Why Study Archaeology?
Archaeology is a multi-disciplinary field that emphasizes the interpretation of material remains in order to understand a culture's history, demographics, religions, economic exchange, political systems, and social values. Archaeologists can specialize in traditionally scientific areas, such as floral and faunal remains and forensic archaeology (biology), the chemical composition of ceramics or preservation of delicate paintings (chemistry), or the petrology and geomorphology of lithics and the ability to survey and map sites (geology).
Archaeologists use computer software to record and catalog data and to map, and sometimes reconstruct, ancient sites. Historical archaeologists must be able to read coins, inscriptions, and the preserved writings of a culture (languages).
Finally, archaeologists need to be able to understand human interaction (anthropology) suggested by the art and artifacts of a culture (art history). In short, to be a good archaeologist, one needs a broad liberal arts education with emphases in one or more specific areas.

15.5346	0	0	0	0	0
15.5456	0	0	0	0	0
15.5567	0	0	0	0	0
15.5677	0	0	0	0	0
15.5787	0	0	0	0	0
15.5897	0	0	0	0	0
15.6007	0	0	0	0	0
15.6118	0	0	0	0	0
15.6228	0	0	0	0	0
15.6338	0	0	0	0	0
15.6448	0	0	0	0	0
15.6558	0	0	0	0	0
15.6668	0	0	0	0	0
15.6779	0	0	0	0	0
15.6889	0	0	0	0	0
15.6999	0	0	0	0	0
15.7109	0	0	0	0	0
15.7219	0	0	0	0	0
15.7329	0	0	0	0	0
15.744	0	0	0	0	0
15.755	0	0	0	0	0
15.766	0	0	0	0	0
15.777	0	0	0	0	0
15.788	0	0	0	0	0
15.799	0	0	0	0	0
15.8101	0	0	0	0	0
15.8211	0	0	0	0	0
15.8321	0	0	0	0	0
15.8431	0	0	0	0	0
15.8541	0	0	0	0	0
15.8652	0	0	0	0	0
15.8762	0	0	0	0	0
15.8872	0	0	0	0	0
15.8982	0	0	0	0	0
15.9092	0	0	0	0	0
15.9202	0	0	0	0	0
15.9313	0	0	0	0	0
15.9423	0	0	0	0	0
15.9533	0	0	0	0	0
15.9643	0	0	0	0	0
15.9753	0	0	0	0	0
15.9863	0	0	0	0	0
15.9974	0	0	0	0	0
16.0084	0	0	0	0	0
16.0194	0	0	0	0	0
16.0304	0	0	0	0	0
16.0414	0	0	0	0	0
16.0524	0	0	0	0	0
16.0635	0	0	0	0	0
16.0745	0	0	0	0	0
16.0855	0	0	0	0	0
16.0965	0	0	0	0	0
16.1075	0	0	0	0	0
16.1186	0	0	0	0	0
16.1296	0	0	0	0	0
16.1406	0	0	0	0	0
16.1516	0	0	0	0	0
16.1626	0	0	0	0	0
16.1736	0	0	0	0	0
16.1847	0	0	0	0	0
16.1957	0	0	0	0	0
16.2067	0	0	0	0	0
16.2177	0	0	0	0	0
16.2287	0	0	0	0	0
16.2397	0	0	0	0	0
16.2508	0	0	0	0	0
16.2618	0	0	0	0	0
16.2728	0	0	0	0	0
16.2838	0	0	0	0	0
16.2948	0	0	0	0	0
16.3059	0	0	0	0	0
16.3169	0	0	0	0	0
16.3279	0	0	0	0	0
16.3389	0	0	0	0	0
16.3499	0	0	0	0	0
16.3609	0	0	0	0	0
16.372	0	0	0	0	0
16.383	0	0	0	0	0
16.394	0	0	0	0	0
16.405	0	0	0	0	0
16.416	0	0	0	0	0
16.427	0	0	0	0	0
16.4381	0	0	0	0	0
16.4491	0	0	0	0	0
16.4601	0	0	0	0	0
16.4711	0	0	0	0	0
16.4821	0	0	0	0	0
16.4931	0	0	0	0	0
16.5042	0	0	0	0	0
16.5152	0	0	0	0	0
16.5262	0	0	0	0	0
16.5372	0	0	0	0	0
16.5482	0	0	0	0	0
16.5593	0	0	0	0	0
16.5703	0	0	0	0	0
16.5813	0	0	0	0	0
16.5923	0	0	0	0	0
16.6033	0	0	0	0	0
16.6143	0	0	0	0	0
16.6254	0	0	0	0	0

Cornell's small size and liberal arts orientation make it easy for you to develop a curriculum that crosses disciplines and suits your interests. Our major requirements are designed to give you a broad perspective while allowing you the flexibility to tailor your coursework to your own needs.
Cornell's One Course at a Time calendar affords many immersion experiences that allow you to delve deeply into the subject matter. One way we do this is through block-long, off-campus courses to places like Greece and Rome. We also maintain a relationship with Iowa State Archaeologist John Doershuk, who has taught a range of courses in archaeology and anthropology at Cornell and frequently extended research opportunities to our students through his lab at the University of Iowa.